Thursday, September 18, 2014

Penis Week on The Audient


When you watch a documentary about penises on Netflix on a Tuesday night, and you know you have exactly one other documentary about penises remaining on Netflix, might as well watch it on Wednesday night and just get the two-night double feature out of the way.

So went the thinking that resulted in consecutive-night viewings of The Final Member and Unhung Hero -- both of which I liked quite a bit.

Both films, in very different ways, get at an obsession that is universal among men: size. You could say that almost all men are fixated on the size of their penis, or at least have been at one point or another. Unless you've been told you have a gargantuan member, there's likely a part of every man that wonders if he measures up, literally and figuratively. But even if you are grotesquely well-endowed, that might also create an obsession of sorts (as we shall see in the discussion of one of these two films).

Because it's also kind of embarrassing to be concerned about your own size, I had avoided watching the one I knew was more directly related to that -- even though Unhung Hero had been on my radar for almost a year. I just didn't really want it to show up among the recently viewed titles in the Netflix account I share with my wife. However, when I watched The Final Member the same day I added it to our queue (having heard about its existence on a podcast a few months ago), I figured the opportunity for a corresponding blog post was too good to pass up, and hit play on Unhung the next night.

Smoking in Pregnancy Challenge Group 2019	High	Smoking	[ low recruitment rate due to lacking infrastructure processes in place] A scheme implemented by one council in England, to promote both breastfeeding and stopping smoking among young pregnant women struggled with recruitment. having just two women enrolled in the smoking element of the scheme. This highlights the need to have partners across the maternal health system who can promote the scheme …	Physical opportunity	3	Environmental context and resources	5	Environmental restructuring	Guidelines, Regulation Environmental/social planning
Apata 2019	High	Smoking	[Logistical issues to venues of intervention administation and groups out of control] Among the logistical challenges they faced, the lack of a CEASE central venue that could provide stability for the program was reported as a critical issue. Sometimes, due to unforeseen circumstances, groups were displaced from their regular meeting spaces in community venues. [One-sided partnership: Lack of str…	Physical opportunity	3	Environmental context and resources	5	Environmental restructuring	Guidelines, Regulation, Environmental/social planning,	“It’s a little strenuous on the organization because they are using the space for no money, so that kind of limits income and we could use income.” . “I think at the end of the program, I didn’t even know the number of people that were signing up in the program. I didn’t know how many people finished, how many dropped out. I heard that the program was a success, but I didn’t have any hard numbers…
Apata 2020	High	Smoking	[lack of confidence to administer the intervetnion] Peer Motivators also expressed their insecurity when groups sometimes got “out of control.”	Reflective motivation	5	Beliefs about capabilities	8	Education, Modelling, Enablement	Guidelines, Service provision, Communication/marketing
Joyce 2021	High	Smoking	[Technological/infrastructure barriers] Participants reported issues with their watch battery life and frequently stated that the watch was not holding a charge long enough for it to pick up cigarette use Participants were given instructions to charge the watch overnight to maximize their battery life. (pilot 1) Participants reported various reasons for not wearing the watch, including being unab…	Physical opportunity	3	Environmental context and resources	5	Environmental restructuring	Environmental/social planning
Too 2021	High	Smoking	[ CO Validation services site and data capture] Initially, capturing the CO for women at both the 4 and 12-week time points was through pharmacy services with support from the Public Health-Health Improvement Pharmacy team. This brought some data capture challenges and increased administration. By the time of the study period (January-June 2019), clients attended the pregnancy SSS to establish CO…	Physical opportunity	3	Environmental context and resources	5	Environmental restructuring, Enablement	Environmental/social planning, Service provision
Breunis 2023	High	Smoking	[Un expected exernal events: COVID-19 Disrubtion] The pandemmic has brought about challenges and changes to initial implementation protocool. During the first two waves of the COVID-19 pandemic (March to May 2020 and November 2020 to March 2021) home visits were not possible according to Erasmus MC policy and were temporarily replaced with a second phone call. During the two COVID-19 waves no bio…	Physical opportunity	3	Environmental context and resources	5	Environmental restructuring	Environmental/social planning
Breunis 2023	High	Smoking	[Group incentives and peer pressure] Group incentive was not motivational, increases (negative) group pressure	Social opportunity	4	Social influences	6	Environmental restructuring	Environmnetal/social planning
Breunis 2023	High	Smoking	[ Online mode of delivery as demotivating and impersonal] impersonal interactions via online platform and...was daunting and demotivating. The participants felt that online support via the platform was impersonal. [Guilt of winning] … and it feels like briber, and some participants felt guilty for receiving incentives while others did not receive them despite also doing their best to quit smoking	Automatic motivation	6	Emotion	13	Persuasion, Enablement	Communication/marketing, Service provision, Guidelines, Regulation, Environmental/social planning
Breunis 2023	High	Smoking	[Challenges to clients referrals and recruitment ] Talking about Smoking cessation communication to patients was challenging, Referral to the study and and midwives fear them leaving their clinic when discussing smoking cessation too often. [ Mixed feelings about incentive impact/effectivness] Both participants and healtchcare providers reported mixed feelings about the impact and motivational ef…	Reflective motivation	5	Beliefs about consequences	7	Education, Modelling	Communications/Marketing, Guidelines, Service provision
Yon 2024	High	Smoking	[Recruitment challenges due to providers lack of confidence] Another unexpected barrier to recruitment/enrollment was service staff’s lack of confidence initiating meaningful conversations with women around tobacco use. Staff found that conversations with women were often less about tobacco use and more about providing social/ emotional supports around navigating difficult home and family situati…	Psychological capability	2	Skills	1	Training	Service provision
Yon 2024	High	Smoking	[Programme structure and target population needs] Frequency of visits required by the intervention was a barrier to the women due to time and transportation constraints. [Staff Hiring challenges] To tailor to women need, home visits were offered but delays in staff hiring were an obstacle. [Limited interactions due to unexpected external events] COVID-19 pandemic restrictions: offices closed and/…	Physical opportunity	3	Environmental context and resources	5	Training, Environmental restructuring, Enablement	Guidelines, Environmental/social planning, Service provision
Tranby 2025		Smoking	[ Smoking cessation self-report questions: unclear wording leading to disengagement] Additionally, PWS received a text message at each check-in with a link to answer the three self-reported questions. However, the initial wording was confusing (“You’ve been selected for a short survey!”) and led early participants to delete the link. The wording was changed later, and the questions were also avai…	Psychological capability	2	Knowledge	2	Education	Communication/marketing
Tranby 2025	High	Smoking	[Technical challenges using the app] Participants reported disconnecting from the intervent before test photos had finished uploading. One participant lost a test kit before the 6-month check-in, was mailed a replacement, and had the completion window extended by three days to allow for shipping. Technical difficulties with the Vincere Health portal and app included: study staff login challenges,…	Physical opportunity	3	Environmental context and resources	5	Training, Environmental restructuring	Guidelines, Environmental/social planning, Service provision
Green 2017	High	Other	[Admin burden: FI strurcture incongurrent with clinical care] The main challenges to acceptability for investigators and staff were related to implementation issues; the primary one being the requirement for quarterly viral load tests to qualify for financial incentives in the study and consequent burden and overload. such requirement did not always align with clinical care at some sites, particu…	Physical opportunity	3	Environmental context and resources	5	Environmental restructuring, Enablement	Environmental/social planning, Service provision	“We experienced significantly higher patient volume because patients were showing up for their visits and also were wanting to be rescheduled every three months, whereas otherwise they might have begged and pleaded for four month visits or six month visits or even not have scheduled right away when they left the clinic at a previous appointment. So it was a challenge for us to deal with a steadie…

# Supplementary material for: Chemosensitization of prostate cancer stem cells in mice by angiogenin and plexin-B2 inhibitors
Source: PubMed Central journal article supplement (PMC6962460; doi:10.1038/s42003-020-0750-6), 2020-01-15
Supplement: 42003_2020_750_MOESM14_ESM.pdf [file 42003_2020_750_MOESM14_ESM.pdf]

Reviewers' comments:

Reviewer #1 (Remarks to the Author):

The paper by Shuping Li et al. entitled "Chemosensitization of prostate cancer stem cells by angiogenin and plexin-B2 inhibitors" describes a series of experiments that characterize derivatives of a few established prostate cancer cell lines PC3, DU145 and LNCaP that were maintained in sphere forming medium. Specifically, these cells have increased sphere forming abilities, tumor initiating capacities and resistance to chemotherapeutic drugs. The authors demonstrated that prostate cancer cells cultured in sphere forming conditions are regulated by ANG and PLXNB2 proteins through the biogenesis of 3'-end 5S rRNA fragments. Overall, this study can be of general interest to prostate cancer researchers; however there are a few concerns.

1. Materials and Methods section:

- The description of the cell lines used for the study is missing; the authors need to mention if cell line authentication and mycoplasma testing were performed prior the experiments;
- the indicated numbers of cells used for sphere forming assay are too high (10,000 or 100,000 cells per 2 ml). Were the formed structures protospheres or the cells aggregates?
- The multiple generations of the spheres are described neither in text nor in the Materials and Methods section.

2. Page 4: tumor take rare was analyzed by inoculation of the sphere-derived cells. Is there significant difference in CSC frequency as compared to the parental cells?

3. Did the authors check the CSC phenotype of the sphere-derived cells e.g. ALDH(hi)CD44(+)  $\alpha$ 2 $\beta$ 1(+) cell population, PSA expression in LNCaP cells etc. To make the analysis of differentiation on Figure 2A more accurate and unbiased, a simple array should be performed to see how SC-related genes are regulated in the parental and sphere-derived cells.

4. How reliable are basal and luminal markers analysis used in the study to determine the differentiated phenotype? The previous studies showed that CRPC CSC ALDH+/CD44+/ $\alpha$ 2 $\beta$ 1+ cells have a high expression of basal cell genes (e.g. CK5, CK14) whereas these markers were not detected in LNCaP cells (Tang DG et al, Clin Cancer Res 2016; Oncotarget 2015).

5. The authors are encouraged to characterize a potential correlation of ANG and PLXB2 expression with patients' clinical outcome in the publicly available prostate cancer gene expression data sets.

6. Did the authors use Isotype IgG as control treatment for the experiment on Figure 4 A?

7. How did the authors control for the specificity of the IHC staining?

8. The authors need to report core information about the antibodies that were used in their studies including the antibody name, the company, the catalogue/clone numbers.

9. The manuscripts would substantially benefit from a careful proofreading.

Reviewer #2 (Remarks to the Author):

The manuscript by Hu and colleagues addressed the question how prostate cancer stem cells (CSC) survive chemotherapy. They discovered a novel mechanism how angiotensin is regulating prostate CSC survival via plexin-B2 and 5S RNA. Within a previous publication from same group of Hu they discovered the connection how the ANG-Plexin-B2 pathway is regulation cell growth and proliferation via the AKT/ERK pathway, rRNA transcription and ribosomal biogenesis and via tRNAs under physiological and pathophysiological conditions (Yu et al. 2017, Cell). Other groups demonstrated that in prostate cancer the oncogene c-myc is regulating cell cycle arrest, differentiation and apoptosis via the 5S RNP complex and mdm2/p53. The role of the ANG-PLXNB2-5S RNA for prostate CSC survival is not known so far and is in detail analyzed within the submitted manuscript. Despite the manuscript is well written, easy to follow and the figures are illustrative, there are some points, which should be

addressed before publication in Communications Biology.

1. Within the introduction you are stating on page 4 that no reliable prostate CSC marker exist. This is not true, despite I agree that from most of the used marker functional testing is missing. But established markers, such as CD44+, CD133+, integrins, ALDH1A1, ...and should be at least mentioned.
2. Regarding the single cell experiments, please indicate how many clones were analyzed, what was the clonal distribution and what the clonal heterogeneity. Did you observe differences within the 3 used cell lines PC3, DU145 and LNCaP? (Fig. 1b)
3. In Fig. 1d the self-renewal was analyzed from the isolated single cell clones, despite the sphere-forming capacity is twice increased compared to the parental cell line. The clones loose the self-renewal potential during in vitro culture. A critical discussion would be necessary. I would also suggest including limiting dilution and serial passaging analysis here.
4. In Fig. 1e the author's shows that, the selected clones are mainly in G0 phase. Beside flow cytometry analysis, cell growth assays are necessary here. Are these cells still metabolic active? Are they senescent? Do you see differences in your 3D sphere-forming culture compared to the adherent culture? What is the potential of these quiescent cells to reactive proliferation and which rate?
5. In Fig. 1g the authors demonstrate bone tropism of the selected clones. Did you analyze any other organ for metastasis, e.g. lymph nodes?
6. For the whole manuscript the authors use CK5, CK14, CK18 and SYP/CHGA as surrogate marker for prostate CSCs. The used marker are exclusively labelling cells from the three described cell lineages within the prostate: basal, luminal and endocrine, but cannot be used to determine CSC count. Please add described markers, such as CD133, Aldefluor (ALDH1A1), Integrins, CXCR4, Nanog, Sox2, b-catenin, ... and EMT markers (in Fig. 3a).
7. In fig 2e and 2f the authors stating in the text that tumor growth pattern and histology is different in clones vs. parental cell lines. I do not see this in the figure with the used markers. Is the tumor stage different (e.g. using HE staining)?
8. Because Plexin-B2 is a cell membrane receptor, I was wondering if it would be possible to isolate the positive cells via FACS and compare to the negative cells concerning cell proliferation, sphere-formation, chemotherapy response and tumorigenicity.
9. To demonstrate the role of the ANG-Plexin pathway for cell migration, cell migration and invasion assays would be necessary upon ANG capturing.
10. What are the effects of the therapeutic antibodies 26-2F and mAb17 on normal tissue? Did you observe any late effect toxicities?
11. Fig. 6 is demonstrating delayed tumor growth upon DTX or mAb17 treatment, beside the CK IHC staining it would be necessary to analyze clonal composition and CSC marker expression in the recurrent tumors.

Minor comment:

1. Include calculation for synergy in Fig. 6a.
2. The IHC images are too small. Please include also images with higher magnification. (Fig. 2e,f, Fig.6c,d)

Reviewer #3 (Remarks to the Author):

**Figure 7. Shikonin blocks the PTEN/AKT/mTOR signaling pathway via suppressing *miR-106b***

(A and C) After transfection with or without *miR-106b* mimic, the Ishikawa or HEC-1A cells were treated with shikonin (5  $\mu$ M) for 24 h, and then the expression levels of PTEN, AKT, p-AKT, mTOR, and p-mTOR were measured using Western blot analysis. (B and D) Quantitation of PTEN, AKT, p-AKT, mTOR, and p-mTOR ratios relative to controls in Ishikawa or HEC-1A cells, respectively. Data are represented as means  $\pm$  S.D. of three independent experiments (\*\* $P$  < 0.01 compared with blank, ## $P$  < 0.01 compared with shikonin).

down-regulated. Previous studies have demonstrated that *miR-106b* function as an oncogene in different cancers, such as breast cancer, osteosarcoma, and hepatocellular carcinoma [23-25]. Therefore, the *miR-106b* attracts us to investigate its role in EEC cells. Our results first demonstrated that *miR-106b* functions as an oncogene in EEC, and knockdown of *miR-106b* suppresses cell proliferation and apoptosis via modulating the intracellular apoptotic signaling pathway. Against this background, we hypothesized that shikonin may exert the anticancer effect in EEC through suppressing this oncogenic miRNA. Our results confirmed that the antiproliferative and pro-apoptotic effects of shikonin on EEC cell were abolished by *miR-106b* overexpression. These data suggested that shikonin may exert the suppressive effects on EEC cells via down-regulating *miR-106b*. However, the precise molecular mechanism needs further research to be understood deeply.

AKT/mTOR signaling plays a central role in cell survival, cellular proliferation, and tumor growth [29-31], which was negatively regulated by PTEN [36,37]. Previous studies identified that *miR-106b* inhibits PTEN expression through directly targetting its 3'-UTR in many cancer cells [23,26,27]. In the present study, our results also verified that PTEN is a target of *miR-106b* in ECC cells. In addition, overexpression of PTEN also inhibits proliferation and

The title The Final Member relates to the last necessary donation to complete a unique museum in Iceland: one devoted entirely to the penis. It's the brainchild of Sigurdur "Siggi" Hjartarson, who has turned his eccentric hobby of collecting samples of animal penises into a full-fledged tourist attraction. Although he's got specimens of nearly ever mammal known to mankind, the elephant in the room is that there's no human genitals to complete the collection. This becomes an obsession for Siggi, and the movie explores how he plans to get a willing donor -- perhaps one who will even part with his junk while still alive.

An odd conceit for a movie goes from strange to stranger when we learn that an American named Tom Mitchell is so proud of his unit -- which he has nicknamed Elmo -- that not only does he want the whole world to see it, he wants to see the whole world see it. Mitchell is that volunteer for the prehumous contribution to the museum, so enamored with what God gave him that he is willing to give it up entirely just so everyone can know how great he ... was. Especially if it will make him the first donor to the museum, getting ahead of a nonagenarian Icelandic celebrity known for numerous exploits, particularly having slept with around 300 women.

I shouldn't tell you too much more about the movie, except that it is a fascinating study of truly exotic forms of obsession that stem from the very mundane obsession we all experience. There's discussion in this film not only of the greatness of particular specimens, namely that put forth by Tom Mitchell, but the potential disappointments of others, like the increasingly shriveling sample offered by the 90-something Icelander whose impending death gives the film its strangely significant sense of stakes. There's even discussion of what qualifies as the historical definition of a "legal length" -- and whether the elderly man's penis will a) make the cut, and b) be something he remains interested in sharing with the world if it doesn't.